Today’s post is based off a question I received from a Cutting for Business reader, who asked if she needed to buy a heat press to sell t-shirts and infant apparel made with heat transfer vinyl and her Silhouette Cameo. She’s currently using an iron successfully.
Short answer: Yes, a heat press is the standard when creating items made with heat transfer vinyl. I’d advise against selling items using heat transfer vinyl that was applied with an iron.
Long answer: Using a heat press when creating items with heat transfer vinyl is the standard if you are planning to sell them. Each brand of heat transfer vinyl is designed to be applied at an exact temperature and pressure, then peeled either hot or cold. Unfortunately, when you use an iron (even top of the line irons), you can’t guarantee the temperature you are using, and you cannot replicate the even pressure that a heat press provides. Using an iron with heat transfer vinyl is fine for personal use items and possibly gifts. However, customers expect merchandise to last and designs to not fall off after a few uses. It is better to offer a quality product that follows manufacturer’s application guidelines rather than open your business to poor reviews, unhappy customers, or customers needing items remade or refunded.
What Kinds of Heat Presses are Available?
Heat presses fall into three different categories:
- Clam Shell – These heat presses have a hot top platen that you pull straight down to press your items. Clam shell presses are often cheapest to buy and are readily available.
- Swing Arm – The top platen on swing arm presses lifts up and down and swings to one side. Swing arms presses give you more space to work, but take up a larger footprint in your workspace.
- Pull Out Drawer – The bottom portion of this heat press pulls out like a drawer giving you more workspace. Pull out drawer style heat presses are often more expensive.
Now, Which Heat Press to Buy?
I recommend getting the largest heat press that you can afford. This will ensure that you don’t ‘grow out’ of yours shortly after getting it.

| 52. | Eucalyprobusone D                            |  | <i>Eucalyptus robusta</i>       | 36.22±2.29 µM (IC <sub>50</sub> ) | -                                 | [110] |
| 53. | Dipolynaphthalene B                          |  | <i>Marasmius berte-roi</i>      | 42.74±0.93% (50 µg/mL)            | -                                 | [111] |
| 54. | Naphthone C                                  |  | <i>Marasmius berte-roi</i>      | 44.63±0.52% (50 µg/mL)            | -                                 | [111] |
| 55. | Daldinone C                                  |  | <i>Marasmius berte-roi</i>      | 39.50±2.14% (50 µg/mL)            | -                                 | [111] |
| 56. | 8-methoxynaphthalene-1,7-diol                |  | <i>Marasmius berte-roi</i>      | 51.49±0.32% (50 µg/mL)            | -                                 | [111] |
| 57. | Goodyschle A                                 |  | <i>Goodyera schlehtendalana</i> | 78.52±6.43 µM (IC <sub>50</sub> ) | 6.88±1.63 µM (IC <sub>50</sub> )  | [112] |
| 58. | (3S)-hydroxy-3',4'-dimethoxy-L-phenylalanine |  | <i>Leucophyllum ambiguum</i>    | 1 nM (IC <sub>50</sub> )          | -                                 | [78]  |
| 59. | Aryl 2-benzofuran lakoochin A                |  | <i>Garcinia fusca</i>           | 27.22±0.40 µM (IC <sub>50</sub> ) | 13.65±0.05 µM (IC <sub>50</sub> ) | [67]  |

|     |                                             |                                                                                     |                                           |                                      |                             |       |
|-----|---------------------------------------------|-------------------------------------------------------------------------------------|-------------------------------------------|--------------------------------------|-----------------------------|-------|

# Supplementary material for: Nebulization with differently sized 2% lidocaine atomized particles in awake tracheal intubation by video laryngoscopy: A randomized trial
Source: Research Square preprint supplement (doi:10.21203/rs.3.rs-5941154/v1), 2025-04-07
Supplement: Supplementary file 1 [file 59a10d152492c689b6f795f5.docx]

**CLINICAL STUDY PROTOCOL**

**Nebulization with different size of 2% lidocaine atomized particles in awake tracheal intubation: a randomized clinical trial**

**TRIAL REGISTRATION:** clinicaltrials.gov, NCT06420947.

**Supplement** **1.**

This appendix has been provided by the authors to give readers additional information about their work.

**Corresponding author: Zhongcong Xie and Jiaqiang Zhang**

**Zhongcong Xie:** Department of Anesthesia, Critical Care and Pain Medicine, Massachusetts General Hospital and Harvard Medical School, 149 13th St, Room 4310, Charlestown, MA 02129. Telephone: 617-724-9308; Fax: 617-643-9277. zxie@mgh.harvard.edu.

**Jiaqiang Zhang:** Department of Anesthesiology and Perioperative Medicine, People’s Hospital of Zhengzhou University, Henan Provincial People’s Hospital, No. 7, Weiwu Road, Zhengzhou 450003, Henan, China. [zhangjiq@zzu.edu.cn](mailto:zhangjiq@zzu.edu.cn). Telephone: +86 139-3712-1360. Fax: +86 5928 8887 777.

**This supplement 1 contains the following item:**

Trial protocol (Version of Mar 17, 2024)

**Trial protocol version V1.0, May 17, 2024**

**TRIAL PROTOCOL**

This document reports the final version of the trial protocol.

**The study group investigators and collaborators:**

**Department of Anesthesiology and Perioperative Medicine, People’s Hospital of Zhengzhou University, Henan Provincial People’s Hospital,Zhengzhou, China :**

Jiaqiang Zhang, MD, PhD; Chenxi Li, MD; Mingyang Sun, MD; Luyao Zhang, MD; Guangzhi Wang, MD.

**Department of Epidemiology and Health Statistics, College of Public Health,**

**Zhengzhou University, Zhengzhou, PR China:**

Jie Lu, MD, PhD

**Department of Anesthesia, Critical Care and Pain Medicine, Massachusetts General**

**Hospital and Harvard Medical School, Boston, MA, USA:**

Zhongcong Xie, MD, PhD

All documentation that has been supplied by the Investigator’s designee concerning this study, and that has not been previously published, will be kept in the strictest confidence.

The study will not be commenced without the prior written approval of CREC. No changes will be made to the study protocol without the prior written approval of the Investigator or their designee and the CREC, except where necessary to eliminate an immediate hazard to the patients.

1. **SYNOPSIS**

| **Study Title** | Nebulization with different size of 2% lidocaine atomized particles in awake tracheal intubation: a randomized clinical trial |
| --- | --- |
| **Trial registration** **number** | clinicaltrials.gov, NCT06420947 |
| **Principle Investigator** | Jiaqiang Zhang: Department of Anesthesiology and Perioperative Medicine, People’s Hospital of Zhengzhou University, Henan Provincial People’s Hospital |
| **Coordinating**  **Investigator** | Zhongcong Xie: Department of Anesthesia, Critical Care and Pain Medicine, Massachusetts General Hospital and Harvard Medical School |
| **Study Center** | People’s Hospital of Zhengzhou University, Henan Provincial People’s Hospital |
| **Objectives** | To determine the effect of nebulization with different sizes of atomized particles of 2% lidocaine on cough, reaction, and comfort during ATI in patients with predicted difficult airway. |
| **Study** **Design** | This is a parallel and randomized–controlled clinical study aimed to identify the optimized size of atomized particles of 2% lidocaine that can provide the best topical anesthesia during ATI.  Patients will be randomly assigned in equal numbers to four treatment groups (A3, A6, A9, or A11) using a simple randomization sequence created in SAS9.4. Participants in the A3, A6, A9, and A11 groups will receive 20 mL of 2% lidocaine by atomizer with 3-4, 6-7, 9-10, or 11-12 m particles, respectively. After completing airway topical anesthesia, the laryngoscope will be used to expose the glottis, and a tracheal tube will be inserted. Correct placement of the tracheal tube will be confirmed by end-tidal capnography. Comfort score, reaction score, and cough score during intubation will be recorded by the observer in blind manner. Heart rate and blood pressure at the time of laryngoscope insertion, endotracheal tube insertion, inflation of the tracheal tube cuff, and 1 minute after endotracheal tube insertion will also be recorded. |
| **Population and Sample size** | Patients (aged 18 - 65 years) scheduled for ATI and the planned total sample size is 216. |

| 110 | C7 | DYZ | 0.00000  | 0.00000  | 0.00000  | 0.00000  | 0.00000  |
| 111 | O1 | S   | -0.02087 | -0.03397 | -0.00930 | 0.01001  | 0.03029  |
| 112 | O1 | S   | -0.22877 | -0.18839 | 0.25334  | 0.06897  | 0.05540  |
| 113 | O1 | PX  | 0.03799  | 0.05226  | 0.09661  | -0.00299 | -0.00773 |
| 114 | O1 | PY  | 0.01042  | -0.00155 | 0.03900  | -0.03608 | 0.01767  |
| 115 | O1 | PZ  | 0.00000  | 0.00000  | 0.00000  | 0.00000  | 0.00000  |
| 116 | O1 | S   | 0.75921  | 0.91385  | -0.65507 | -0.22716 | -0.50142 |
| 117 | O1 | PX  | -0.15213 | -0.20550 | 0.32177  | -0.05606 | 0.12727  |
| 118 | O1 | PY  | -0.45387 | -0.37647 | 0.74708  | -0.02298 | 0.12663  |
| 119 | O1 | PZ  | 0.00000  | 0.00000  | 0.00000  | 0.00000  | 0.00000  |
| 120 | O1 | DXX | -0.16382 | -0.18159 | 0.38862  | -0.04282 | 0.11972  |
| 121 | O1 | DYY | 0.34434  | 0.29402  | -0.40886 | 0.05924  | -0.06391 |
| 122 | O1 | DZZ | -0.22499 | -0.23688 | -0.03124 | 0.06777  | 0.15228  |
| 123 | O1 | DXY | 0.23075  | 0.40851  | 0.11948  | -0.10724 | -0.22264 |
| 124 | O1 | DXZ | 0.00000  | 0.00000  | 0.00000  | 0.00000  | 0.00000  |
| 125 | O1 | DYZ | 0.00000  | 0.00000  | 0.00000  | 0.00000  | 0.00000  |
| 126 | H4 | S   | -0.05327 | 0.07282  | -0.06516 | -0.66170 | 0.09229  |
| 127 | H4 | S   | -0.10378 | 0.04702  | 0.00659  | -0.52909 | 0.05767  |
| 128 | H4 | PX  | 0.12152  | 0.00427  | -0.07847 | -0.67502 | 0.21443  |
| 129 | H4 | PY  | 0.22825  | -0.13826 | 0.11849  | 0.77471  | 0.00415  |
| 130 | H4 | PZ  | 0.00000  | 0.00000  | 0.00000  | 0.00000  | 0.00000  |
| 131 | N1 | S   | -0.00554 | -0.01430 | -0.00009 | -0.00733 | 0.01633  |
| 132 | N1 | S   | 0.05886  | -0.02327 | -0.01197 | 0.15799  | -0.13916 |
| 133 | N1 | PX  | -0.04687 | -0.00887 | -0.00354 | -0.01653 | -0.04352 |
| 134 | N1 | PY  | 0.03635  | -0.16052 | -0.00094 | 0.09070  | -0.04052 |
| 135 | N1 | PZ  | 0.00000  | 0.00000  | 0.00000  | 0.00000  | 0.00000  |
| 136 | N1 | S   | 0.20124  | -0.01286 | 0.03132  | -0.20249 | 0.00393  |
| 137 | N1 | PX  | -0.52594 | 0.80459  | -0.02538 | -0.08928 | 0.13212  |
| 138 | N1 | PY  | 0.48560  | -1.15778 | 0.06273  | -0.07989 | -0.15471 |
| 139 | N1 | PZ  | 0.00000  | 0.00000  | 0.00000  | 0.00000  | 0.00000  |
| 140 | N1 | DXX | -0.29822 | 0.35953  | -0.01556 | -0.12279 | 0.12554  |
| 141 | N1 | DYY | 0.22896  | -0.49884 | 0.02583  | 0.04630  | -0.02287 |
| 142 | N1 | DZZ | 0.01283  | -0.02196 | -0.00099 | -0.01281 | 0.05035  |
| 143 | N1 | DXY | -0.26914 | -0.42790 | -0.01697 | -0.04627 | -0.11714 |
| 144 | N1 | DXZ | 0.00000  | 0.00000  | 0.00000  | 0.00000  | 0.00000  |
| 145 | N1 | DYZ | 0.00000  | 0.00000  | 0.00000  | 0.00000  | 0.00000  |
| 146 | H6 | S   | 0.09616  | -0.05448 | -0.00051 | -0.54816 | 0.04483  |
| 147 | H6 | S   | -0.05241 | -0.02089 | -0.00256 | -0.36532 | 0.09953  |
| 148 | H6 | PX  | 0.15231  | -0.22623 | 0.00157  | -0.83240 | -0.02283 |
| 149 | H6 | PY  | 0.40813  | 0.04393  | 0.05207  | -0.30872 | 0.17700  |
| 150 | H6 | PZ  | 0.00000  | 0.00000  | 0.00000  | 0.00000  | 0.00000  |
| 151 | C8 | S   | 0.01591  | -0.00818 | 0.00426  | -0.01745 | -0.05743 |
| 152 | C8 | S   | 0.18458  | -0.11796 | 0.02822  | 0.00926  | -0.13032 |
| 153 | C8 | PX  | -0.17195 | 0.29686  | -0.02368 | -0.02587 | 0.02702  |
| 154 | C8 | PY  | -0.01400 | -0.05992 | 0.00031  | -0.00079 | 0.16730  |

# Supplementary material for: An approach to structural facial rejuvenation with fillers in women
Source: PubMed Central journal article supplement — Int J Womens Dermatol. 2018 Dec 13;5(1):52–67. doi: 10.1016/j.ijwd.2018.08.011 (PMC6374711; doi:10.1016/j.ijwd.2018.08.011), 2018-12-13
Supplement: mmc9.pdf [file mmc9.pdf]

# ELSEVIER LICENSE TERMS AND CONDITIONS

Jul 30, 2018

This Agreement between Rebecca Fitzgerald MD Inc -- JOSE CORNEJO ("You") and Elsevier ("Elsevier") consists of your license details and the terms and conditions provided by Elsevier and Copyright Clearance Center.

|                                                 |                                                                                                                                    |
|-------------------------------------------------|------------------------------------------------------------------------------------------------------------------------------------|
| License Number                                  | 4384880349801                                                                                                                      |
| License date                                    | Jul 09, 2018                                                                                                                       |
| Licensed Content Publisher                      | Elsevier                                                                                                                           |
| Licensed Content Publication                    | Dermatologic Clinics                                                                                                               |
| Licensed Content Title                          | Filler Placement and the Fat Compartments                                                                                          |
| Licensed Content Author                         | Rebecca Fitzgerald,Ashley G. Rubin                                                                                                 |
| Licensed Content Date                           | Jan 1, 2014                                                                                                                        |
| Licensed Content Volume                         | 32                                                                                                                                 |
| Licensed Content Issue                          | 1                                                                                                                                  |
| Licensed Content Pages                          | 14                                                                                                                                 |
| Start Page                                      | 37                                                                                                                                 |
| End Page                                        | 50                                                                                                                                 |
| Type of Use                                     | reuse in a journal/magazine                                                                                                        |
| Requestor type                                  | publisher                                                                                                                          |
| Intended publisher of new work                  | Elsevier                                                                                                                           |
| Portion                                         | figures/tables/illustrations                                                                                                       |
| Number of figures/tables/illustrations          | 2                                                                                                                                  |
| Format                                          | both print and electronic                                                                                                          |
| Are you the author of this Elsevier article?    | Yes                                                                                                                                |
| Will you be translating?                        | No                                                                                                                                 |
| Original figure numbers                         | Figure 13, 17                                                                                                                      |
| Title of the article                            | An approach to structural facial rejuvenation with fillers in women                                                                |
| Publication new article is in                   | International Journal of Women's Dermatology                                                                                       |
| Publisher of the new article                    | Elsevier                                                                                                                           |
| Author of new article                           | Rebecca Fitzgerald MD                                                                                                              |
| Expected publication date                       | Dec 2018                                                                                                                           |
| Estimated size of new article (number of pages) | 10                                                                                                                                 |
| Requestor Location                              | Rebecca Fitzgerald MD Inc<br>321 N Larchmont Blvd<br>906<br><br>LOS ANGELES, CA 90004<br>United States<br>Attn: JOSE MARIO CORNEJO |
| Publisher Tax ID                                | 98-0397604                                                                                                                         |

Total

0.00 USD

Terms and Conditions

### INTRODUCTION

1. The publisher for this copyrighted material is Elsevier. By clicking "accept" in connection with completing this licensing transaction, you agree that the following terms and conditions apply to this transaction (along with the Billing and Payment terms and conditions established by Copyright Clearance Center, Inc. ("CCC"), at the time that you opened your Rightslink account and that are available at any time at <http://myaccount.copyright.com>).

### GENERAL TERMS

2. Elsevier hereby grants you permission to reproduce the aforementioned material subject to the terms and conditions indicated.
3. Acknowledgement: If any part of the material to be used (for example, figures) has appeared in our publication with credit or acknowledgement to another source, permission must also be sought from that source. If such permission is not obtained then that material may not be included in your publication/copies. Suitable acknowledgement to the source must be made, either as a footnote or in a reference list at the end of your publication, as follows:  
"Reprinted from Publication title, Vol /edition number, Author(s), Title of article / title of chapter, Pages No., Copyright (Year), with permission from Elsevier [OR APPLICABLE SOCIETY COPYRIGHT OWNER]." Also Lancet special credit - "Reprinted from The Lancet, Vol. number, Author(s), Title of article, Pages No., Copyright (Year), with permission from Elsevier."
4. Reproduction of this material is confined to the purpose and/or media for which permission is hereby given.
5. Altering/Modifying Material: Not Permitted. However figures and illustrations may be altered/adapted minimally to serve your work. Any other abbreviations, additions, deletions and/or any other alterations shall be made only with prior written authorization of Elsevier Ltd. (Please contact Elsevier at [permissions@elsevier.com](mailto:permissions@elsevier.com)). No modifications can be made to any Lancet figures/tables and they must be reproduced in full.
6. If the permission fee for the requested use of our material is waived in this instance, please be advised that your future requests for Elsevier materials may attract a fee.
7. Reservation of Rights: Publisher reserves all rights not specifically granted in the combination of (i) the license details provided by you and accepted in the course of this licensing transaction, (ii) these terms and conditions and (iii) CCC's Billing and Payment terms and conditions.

I started with a 15″ by 15″ Chinese made heat press from Amazon. It was great for about a year and a half. Then, when I was using it one day, it started smoking and the wires in the electronic portion melted together (super scary!) It went to the dumpster and I picked up a 16″ by 20″ black series from Heat Press Nation. I love it, but it is heavy and hard to transport. For those days when I take my press to a friend’s house, I also have a 9″ by 12″ crafters press – and, it’s pink!
My 16″ by 20″ Heat Press
My 9″ by 12″ Heat Press
The 15″ by 15″ Heat Press I Almost Bought
If I hadn’t bought the 16″ by 20″ model above, I would have bought this one. I got to use it in person at a conference, and loved the slide out platen.
Heat Press Accessories
In addition to a heat press, you’ll also need a teflon sheet. An accessory that I personally can’t live without is pressing pillows! They help level the area you are pressing, especially when pressing along collars, seams, buttons, or zippers.
Remember, a heat press is an investment in your business. You’ll be able to deduct the cost of the machine and accessories, so be sure you enter these expenses into your Craftybase accounting program. Once you start selling items made with heat press vinyl, be sure to include care instructions with all orders. If you don’t have your own, I have a set you can download and use in your business.
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